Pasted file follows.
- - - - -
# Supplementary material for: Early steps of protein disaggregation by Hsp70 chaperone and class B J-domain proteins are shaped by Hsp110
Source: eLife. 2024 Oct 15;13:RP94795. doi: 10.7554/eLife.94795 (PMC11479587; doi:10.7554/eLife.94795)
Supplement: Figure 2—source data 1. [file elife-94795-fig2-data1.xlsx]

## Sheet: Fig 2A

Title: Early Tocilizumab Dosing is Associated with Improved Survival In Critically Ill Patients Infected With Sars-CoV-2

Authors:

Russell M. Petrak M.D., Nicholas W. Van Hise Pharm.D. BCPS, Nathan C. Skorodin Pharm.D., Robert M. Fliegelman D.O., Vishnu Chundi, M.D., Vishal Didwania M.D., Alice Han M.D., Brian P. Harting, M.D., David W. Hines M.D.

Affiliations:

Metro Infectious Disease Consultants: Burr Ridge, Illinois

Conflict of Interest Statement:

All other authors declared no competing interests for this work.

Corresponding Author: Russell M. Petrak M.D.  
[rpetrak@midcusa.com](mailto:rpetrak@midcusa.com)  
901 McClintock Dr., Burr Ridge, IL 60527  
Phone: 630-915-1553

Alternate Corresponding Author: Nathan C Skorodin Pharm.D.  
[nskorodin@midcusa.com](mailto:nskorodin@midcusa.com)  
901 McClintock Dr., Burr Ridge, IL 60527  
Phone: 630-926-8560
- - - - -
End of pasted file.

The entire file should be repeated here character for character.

# Supplementary material for: Early steps of protein disaggregation by Hsp70 chaperone and class B J-domain proteins are shaped by Hsp110
Source: eLife. 2024 Oct 15;13:RP94795. doi: 10.7554/eLife.94795 (PMC11479587; doi:10.7554/eLife.94795)
Supplement: Figure 2—source data 1. [file elife-94795-fig2-data1.xlsx]

## Sheet: Fig 2A

Title: Early Tocilizumab Dosing is Associated with Improved Survival In Critically Ill Patients Infected With Sars-CoV-2

Authors:

Russell M. Petrak M.D., Nicholas W. Van Hise Pharm.D. BCPS, Nathan C. Skorodin Pharm.D., Robert M. Fliegelman D.O., Vishnu Chundi, M.D., Vishal Didwania M.D., Alice Han M.D., Brian P. Harting, M.D., David W. Hines M.D.

Affiliations:

Metro Infectious Disease Consultants: Burr Ridge, Illinois

Conflict of Interest Statement:

All other authors declared no competing interests for this work.

Corresponding Author: Russell M. Petrak M.D.  
[rpetrak@midcusa.com](mailto:rpetrak@midcusa.com)  
901 McClintock Dr., Burr Ridge, IL 60527  
Phone: 630-915-1553

Alternate Corresponding Author: Nathan C Skorodin Pharm.D.  
[nskorodin@midcusa.com](mailto:nskorodin@midcusa.com)  
901 McClintock Dr., Burr Ridge, IL 60527  
Phone: 630-926-8560